We left Provence this week for a little trip to the Midi-Pyrénées in the southwestern part of France. We’ve been trying to save money by cooking at home most of the time since we started our nomadic existence in France (see previously ; not that that’s much of a hardship, since the produce and other foodstuffs in Provence are spectacular). But this week we’ve been staying in an apartment in a 17th century townhouse right around the corner from the Toulouse-Lautrec Museum in the heart of Albi , the capital of the Tarn Department. Since there are tons of great little restaurants here, we’ve been indulging ourselves a bit.
One thing I have noticed while eating out a lot more is that many places are serving little cups of what they usually call gazpacho, as an amuse bouche or as part of the entrée (appetizer). They are basically cold soups, made with various vegetables. I’m not sure this is a regional custom, but it is very nice regardless. Here’s one we had the other day in the small medieval town of Moissac, as an amuse-bouche. It was basically a cold tomato juice, but very nice and refreshing.
Here’s another kind of gazpacho - a cold melon soup, served as an amuse bouche also. It was just pureed melon with nothing added I think.
Here’s another one, served as part of an entrée. This time it was a cold sweet pepper soup.
Here’s a more classic gazpacho, made with tomatoes and cucumber, served in a tumbler. This was a full entrée portion.
Finally, here’s my favorite - it was merely described as a gazpacho des legumes (vegetable gazpacho). It was a cold vegetable soup; I tasted sweet corn, maybe carrot, celery, and so on. I know gazpacho purists may shake their heads, but it was really refreshing and delicious. It was one part of an amuse bouche - the other part was what you see on the spoon in the back, a piece of rough paté with a tiny bit of chutney. The combination was really nice.
Once we get back ‘home’ to Provence, I think I am going to start more meals with a little cold soup of some kind. It’s really a great start to a summer meal.
The most famous regional dish is cassoulet, the hearty dish made of white beans and loads of hearty (fat!) meaty bits, such as duck, sausage, and - fat! I’ve had cassoulet elsewhere many times before, and made it myself, but the the way they make it here is really much better in my opinion. Here’s a relatively light yet still rich version that we had at a restaurant with the adorable name of La Fourchet A Droite (The Fork (is) to the Right) in Albi. The abundance of fat just makes it unctuously creamy rather than greasy. I liked it so much, I’ve managed to have it twice so far…and am contemplating having it again for dinner tonight! (Actually cassoulet is supposed to have originated in the town of Castelnaudary , which is about an hour from Albi. I think I need to come back here when the weather is cooler and more conducive to enjoying piping hot bean-and-meat casseroles.)
This is a Pastis Gascon, a speciality of the Gers region, also in the Midi Pyrénées. It’s a pastry made of many layers of phyllo dough, and is filled with Armagnac-soaked and caramelized apple. I’m not sure I totally love it, but it is so pretty to look at.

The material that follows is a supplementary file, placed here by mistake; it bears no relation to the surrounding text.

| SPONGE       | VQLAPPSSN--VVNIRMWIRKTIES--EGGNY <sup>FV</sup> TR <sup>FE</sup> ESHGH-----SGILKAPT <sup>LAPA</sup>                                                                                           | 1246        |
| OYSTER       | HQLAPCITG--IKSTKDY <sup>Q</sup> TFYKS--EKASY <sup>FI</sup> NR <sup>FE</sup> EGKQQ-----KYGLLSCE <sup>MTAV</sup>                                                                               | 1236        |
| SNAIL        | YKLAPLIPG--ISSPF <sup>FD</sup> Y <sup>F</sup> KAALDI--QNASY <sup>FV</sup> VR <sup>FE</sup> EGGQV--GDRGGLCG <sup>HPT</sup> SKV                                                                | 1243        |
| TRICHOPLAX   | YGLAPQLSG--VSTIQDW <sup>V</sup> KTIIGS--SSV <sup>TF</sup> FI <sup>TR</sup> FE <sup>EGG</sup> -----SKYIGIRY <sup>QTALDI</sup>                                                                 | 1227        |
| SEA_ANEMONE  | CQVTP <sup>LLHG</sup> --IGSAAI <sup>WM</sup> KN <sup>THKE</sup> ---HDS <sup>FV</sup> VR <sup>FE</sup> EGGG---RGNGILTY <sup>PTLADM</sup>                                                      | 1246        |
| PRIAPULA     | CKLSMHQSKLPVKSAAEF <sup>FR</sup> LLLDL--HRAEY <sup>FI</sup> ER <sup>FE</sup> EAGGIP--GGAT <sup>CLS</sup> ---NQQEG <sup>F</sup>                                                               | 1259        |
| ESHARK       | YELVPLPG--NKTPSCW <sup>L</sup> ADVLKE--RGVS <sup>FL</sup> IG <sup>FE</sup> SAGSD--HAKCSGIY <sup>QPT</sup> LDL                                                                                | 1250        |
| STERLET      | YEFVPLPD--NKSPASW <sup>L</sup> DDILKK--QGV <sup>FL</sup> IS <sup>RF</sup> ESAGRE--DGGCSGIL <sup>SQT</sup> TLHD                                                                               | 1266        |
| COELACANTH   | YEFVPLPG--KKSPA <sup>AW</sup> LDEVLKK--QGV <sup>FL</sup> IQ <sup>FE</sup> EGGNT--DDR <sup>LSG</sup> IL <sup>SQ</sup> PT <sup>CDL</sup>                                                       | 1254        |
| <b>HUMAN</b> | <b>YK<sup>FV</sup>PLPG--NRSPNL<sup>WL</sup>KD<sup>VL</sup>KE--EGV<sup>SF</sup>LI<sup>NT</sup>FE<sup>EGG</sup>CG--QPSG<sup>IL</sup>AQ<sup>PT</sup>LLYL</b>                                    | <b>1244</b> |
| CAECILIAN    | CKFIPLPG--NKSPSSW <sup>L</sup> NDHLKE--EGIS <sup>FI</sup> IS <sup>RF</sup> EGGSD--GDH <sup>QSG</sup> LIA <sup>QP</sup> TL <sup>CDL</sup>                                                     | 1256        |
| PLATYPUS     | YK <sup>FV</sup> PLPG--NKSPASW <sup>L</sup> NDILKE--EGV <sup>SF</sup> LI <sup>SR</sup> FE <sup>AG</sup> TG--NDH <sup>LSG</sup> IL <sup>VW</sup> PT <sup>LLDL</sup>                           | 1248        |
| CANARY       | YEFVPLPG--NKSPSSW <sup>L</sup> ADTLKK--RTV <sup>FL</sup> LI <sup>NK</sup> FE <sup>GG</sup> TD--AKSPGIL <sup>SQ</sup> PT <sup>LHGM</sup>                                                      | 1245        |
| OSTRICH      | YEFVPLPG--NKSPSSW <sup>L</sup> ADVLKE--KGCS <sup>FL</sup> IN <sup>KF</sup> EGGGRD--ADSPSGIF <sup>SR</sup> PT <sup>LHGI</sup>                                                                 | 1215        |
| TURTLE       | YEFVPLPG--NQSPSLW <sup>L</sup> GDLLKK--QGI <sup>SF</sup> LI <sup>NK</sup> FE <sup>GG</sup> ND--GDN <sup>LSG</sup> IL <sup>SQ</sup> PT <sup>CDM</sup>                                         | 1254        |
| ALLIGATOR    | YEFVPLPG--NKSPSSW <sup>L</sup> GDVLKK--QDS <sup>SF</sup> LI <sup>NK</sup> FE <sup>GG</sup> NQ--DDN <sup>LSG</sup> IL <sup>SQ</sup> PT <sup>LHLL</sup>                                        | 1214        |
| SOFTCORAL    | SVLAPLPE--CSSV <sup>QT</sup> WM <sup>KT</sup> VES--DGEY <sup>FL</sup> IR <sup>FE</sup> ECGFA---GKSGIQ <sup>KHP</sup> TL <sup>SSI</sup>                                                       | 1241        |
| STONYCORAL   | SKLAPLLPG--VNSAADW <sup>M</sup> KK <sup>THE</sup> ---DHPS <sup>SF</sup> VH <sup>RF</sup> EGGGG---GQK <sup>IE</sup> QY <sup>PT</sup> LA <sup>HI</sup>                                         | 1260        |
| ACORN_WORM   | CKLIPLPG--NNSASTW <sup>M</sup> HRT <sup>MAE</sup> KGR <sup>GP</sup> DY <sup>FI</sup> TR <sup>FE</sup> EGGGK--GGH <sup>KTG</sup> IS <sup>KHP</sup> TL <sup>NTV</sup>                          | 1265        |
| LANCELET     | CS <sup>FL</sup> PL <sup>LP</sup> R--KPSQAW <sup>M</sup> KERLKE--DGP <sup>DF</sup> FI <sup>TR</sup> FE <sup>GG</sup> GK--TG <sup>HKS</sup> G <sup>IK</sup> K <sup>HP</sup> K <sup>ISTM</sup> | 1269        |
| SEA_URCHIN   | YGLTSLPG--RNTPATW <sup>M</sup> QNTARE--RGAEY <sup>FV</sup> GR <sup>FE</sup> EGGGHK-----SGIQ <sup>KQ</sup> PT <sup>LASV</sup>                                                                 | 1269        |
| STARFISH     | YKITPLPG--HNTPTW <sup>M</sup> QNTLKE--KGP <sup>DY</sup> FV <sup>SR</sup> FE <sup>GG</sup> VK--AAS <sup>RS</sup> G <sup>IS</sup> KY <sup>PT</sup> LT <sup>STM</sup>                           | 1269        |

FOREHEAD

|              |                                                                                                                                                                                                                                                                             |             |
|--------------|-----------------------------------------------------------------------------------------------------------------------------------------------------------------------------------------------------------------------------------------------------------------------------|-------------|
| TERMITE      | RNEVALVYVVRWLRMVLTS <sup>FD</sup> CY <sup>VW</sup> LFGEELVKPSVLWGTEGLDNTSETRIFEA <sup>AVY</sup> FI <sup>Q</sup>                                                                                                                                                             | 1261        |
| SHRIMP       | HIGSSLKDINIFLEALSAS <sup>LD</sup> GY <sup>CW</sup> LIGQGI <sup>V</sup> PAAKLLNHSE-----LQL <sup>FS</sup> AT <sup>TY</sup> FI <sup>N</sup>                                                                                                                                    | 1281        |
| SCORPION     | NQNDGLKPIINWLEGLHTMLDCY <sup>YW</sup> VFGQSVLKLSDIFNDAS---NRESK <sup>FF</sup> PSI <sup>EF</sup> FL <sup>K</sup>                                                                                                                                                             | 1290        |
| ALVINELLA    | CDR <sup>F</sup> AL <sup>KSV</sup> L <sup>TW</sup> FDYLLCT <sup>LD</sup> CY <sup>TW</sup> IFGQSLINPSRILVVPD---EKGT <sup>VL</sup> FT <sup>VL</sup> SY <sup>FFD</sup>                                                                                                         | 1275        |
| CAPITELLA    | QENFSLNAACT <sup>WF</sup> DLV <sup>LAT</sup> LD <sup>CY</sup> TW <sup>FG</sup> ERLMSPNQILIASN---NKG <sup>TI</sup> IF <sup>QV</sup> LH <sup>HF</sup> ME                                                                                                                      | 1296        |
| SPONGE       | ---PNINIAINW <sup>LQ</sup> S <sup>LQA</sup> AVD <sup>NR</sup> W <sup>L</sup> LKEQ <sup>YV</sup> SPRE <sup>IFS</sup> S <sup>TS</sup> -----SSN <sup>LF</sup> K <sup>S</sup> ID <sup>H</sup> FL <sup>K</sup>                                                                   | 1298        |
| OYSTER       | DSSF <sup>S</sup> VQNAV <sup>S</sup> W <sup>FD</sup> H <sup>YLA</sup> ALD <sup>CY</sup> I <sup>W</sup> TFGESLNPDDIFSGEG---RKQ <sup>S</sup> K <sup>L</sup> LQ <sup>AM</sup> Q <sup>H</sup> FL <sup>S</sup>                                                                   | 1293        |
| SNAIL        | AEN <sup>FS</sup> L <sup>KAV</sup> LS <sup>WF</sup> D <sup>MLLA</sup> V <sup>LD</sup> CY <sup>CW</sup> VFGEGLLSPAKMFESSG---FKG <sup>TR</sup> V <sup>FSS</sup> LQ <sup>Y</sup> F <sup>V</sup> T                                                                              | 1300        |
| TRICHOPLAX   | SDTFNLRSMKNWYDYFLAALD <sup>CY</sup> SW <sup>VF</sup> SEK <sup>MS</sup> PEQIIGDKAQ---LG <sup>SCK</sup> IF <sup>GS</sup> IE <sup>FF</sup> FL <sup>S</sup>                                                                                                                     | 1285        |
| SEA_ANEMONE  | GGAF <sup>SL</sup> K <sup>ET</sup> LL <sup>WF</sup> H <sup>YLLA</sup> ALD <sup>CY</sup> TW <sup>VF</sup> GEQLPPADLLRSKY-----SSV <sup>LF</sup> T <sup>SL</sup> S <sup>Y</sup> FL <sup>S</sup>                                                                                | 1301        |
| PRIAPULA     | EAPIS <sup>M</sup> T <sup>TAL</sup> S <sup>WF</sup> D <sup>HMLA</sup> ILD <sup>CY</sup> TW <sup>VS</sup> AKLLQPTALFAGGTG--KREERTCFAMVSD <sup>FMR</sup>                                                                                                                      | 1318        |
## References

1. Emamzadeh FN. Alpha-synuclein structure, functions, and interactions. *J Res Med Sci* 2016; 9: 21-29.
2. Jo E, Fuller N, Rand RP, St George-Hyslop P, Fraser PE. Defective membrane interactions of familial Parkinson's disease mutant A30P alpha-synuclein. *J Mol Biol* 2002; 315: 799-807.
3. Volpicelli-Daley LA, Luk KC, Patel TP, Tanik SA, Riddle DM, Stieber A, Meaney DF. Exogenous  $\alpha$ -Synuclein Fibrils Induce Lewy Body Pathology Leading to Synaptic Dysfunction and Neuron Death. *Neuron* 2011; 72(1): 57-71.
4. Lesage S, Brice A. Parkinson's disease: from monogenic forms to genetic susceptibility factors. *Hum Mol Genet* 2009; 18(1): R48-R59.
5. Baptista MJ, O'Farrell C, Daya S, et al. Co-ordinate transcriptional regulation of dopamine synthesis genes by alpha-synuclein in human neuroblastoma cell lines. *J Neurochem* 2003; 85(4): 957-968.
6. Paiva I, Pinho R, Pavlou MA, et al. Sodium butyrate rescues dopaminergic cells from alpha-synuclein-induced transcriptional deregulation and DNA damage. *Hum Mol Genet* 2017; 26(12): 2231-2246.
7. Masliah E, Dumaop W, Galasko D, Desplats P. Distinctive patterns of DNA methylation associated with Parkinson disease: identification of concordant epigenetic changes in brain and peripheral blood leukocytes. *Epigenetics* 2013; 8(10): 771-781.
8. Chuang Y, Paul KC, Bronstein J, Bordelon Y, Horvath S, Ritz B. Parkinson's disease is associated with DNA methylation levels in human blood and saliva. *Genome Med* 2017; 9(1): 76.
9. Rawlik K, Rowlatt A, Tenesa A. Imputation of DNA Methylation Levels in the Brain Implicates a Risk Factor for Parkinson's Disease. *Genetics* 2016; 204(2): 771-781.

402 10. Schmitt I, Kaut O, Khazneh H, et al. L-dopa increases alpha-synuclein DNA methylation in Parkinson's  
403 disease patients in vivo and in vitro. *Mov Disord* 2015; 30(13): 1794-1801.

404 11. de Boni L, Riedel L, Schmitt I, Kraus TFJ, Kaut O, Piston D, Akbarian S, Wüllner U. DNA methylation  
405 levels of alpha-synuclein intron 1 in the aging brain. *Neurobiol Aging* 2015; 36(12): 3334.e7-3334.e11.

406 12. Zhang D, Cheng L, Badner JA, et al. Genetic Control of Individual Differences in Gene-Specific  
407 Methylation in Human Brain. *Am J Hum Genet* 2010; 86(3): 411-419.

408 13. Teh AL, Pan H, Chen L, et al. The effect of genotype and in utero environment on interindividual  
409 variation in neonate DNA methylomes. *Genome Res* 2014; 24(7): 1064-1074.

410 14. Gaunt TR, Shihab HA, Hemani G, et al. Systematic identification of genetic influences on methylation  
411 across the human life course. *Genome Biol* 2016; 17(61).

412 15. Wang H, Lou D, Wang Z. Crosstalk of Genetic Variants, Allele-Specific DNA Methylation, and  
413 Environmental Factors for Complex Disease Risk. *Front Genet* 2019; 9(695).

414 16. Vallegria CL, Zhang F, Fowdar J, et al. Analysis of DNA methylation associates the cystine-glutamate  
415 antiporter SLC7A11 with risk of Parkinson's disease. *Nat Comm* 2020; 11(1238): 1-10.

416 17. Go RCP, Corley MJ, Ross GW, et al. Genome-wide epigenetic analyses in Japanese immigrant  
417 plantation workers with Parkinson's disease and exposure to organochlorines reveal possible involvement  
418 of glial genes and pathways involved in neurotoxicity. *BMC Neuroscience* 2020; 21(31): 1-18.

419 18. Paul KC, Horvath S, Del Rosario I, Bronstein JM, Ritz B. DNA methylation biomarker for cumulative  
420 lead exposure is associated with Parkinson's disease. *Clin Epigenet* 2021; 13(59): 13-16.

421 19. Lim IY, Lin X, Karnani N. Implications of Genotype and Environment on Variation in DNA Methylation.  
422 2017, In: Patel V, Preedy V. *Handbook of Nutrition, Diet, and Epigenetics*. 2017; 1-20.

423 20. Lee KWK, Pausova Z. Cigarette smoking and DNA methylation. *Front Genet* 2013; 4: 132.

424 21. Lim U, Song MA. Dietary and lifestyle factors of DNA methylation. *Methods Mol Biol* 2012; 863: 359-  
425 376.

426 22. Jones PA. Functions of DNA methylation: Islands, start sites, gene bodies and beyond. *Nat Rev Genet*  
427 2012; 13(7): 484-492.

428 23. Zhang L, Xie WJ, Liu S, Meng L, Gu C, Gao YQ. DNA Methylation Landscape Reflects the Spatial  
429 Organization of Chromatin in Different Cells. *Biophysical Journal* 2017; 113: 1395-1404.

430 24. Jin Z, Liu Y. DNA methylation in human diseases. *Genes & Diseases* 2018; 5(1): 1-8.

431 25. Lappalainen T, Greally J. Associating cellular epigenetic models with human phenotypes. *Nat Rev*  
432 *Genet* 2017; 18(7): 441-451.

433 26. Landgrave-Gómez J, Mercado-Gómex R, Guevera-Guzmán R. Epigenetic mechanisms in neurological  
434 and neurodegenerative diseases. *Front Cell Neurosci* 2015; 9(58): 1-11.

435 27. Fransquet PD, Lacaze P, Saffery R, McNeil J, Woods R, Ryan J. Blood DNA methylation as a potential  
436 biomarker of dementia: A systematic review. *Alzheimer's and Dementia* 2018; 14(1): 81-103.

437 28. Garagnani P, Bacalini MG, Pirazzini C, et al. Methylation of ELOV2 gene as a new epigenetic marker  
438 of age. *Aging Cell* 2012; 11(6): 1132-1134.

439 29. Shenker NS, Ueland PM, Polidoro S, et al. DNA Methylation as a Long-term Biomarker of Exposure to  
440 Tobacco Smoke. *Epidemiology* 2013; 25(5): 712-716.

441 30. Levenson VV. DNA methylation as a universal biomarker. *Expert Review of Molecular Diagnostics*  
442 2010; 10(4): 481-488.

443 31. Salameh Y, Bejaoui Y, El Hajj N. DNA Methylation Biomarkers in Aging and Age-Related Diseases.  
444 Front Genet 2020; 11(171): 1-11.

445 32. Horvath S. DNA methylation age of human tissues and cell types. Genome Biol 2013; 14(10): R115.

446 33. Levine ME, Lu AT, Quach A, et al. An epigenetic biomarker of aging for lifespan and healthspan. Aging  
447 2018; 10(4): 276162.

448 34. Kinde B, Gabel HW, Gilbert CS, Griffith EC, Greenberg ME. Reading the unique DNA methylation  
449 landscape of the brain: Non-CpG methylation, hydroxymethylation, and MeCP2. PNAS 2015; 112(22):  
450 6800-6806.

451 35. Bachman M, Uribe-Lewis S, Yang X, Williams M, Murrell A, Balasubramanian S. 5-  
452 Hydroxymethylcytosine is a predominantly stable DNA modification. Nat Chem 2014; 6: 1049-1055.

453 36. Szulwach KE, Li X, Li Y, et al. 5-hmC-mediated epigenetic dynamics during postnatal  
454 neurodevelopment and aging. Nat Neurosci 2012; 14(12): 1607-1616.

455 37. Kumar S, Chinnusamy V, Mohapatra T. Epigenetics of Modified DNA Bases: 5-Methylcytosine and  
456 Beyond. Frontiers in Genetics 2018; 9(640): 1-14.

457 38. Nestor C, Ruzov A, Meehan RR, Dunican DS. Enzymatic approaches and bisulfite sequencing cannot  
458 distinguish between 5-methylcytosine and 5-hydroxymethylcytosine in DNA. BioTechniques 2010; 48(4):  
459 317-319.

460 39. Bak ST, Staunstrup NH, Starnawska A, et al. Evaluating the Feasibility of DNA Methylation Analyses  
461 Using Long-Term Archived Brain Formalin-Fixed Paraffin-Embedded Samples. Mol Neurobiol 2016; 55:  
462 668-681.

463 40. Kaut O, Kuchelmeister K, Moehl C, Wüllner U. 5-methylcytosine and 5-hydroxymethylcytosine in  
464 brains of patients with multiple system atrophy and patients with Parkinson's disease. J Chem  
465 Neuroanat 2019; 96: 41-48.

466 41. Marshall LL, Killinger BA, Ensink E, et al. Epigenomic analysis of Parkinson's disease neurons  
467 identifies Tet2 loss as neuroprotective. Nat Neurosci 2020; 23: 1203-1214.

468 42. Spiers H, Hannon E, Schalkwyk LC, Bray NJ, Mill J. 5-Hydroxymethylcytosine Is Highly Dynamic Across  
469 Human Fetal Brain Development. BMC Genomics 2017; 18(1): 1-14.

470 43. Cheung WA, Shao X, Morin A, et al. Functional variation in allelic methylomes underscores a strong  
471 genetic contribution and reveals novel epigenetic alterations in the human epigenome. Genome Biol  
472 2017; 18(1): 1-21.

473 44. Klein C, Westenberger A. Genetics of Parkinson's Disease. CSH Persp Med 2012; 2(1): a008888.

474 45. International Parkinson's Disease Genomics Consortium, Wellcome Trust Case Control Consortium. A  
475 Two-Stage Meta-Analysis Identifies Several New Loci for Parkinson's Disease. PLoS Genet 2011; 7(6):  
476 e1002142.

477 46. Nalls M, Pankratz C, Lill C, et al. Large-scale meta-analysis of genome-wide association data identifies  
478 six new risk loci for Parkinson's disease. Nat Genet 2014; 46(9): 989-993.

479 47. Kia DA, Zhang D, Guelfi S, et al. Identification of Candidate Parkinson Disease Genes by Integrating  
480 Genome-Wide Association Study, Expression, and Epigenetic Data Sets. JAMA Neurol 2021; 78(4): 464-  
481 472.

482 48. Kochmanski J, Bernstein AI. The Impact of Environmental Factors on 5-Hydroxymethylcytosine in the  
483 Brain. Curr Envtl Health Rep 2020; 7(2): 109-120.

I much preferred this pie though. It was filled with poached apricots and served with a sour cherry sauce and rich vanilla ice cream. Gorgeous! This was dessert at the meal that started with the gazpacho des legumes amuse bouche pictured above, at the Hotel Sainte Foy in Conques .
Albi is a fairly large town, but very mellow, and not crowded at all, even though it is the hometown of Henri de Toulouse-Lautrec  and has a fine museum dedicated to him, not to mention a big, fortress like cathedral, beautiful riverside views, a quaint old town and more. The town is built of red brick, which is a gorgeous pink-rose color. Here it is in the early morning…
…and in the late afternoon…
Here’s the inside of the large Marché Couvert (covered market) in the center of town. It has several produce stalls, a fish stall, bakeries and pastry shops, and a lot more. It may not be quite as awesome as the larger markets in Provence, but it’s still quite good. We bought stuff from here for the meals that we ate in.
I loved this little store, called L’Artisan Pastellier . They sell clothing, accessories and other products made from the blue Pastel dye that was highly prized in Europe until indigo was imported from India. The blue is softer than indigo. They also sell art pastels, watercolor paints and other art supplies, mostly made with vegetable based dyes. Their web site .
We also made side trips to the medieval towns of Conques (that’s a photo of Conques up at the top) and Moissac. One reason why I brought my mother here is because she’s been rather obsessed by the pilgrimage routes to Santiago de Compostella, and Conques and Moissac were key stops. Both are beautiful places, though Conques is quite touristy. Moissac is a bit more relaxed I think. The Gothic cloister there is breathtaking.
If you’d like to see photos, they are all on my Flickr .
All in all, we really enjoyed our week here, even though the heat was stifling for much of it. (It felt a lot more humid than Provence, though that may just have been an anomaly.) I don’t think I would choose to live here full time over Provence, but I think I’ll try to come back here again in the cooler months - for, you guessed it, more cassoulet.